Act Four: You Asked for It; Now You Have It; How’s That Working Out for You?

Act Four of Richard the Third is another long one, the second longest in the play at 836 lines (just ahead of Act Three at 826, but way behind Act One, the longest act in all the Canon).  And it begins at the Tower of London, where Dorset and the Yorkist women (the Duchess, Queen Elizabeth, and Lady Anne) have arrived to visit the boys, Edward V and Richard.  They are met by the Lieutenant of the Tower Brakenbury who tells them they cannot be allowed to visit the children as “the king hath strictly charged the contrary” (IV.i.17).  This prompts Elizabeth to ask,

The king? Who's that?

BRAKENBURY
I mean the Lord Protector.

— IV.i.18

Whoops.  Before the ladies realize what they’ve heard (they’re too focused on getting access to the boys), Derby arrives to bring Anne to Richard Duke of Gloucester so that she can “be crowned Richard’s royal queen” (IV.i.32).

hmmmm, Anne as queen, that would be #4 of  Margaret’s Dozen

For the women, this is “dead-killing news” (IV.i.37), and Queen Elizabeth immediately tells Dorset (her son from a previous marriage) to “cross the seas, // And live with Richmond, from the reach of hell” (IV.i.41-42).  Elizabeth can already envision curse Number Six of “Margaret’s curse” (IV.i.45) coming to pass, with Dorset’s possible death.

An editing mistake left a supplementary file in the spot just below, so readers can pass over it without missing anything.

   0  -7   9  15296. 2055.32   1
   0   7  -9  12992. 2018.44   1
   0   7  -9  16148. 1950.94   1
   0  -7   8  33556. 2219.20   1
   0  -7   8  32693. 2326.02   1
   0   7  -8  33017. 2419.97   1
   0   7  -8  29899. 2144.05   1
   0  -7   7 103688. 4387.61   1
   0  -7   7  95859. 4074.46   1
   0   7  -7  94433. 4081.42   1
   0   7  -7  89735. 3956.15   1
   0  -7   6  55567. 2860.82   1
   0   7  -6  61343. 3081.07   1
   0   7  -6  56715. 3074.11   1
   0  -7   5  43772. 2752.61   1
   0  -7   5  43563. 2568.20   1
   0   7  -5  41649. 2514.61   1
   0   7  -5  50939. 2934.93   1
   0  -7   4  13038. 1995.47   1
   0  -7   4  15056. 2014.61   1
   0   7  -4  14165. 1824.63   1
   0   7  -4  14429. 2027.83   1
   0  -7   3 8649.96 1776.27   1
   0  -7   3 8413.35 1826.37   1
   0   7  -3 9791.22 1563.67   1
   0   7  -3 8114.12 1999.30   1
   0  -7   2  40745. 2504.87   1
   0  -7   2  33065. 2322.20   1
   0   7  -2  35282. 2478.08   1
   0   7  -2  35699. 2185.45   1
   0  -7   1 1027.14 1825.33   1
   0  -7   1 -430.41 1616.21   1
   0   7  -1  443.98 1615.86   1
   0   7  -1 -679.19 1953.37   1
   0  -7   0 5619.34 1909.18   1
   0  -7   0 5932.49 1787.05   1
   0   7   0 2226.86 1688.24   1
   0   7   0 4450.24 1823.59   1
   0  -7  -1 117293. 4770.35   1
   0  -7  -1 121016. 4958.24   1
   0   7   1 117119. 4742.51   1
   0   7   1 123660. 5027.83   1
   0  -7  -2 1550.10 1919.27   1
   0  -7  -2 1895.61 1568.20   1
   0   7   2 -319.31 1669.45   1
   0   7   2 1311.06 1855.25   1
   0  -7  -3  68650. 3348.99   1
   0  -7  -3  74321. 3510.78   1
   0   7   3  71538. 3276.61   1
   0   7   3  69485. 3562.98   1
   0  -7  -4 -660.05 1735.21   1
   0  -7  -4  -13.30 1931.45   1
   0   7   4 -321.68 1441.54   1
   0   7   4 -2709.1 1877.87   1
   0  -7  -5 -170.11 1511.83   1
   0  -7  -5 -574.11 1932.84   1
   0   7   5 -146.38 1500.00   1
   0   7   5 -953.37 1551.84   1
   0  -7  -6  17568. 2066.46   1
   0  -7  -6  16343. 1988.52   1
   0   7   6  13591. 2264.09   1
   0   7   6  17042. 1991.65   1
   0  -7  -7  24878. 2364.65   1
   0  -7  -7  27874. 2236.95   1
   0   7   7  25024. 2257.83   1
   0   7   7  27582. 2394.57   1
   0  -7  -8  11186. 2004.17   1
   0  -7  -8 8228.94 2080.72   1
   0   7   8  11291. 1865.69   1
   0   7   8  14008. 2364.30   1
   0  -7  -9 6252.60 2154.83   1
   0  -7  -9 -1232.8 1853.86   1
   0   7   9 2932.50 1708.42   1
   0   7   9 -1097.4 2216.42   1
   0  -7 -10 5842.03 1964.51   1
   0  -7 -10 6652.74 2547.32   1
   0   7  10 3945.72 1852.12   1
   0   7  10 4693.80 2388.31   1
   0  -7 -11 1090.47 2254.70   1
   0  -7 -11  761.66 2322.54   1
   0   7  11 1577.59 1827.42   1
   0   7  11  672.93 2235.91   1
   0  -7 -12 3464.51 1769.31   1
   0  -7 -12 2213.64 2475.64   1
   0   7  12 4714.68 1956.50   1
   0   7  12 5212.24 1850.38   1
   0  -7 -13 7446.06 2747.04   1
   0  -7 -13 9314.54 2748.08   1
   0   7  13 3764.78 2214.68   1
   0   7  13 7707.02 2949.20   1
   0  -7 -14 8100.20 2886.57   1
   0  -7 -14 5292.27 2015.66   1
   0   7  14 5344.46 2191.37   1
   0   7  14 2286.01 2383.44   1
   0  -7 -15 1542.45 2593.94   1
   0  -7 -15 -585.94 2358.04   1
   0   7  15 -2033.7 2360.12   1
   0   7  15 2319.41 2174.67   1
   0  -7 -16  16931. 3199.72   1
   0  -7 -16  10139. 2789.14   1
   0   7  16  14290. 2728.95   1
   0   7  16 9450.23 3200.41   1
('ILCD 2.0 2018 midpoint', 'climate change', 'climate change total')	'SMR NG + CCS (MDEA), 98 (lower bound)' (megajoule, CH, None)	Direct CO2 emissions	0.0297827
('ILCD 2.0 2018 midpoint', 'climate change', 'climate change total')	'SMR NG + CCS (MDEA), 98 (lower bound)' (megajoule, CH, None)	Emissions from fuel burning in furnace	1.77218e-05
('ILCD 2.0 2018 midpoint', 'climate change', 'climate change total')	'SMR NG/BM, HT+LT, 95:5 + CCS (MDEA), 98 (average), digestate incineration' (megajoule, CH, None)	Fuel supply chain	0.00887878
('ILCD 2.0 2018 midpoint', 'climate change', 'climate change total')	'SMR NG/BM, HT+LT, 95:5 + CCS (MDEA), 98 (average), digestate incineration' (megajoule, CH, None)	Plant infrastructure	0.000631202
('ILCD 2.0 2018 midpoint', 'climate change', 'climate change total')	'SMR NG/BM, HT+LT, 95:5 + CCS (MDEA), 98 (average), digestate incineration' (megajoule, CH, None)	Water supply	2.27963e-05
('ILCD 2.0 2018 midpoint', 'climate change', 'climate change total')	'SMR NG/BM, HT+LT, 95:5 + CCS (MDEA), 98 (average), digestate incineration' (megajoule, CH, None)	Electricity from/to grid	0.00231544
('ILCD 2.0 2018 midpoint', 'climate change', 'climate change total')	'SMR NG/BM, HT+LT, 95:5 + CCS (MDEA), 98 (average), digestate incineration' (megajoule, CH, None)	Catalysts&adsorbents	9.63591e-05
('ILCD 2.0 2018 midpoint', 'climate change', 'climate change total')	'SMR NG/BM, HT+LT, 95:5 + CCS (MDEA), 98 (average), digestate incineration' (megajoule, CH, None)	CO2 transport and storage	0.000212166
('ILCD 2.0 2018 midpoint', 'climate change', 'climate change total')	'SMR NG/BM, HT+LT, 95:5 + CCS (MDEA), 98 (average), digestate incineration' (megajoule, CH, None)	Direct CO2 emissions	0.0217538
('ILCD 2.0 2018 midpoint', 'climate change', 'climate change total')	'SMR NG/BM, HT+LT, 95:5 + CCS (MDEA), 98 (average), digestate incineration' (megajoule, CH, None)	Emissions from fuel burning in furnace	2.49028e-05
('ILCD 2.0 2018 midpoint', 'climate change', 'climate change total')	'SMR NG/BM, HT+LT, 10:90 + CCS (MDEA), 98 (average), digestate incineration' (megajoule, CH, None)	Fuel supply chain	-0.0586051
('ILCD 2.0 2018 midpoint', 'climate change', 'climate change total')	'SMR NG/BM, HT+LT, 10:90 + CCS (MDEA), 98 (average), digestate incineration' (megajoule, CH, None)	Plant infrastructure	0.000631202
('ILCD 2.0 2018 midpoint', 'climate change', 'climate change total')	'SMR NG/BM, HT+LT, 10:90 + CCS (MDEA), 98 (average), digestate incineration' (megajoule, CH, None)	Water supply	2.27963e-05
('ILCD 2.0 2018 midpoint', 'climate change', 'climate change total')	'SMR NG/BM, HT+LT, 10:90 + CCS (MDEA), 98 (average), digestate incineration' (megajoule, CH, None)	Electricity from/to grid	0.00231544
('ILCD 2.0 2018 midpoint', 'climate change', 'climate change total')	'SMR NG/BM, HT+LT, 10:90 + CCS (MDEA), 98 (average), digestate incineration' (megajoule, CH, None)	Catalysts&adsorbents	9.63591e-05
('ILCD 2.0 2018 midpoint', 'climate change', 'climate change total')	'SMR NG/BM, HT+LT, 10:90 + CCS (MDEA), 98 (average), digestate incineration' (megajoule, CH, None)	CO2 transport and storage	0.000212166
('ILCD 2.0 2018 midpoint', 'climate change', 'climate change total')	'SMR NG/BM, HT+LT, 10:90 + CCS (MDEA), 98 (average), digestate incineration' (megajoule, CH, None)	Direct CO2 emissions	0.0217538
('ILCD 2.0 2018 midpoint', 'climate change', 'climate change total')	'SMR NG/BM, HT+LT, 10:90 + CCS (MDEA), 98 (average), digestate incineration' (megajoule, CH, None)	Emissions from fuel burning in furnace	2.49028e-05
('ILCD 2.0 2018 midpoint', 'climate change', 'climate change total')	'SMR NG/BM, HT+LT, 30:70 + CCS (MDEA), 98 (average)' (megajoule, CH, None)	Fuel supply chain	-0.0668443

As Anne prepares to leave, she gives insight to her relationship to Richard:

Even in so short a space, my woman's heart
Grossly grew captive to his honey words
...
For never yet one hour in his bed
Have I enjoy'd the golden dew of sleep,
But have been waked by his timorous dreams.

— IV.i.78-79, 82-84

She admits that it was Richard’s “honey words” that charmed her… words from a charming Act One Richard, a Richard of whom we haven’t seen much recently, one that has been replaced with a Richard whose nights are filled with fearful (“timorous”) dreams.

this a hint at #10 of  Margaret’s Dozen… but (SPOILER ALERT!) more (and better) evidence will follow

With Act Four, Scene Two’s entrance, Richard is already crowned King of England (we are robbed of that scene), and we see him take the throne for the first time (with Buckingham’s “advice // And … assistance” [IV.ii.3-4]).  But Richard is neither happy nor secure: he “want(s) the bastards dead. // And (he) would have it suddenly performed” (IV.ii.18-19).  And while we might have heard that desire in a soliloquy from the Act One Richard, here it’s a statement to Buckingham, who really has become Richard’s “other self, (his) counsel’s consistory” (II.ii.151).  But Buckingham balks at the suggestion, and even excuses himself to give this more thought.

Richard is not happy with this, and calls for Tyrrel, a man who might be “tempt(ed) … to anything” (IV.ii.39), and with this request, Richard in an aside (not a soliloquy) decides to cut off Buckingham from being “the neighbor to (his) council” (IV.ii.43).

At this point, Richard receives news that Dorset has “fled // to Richmond” (IV.ii.47-48); he barely misses a beat, calling for Catesby to start a rumor “abroad // That Anne (his) wife is very grievous sick” (IV.ii.49-50)… he’s already planning a new political marriage… to Edward’s daughter (IV.ii.59), Elizabeth of York.  This would be seen as incest (unless the whispering campaign regarding Edward’s own bastardy was successful); this is desperation.  Richard feels he has no choice, however:

But I am in
So far in blood that sin will pluck on sin.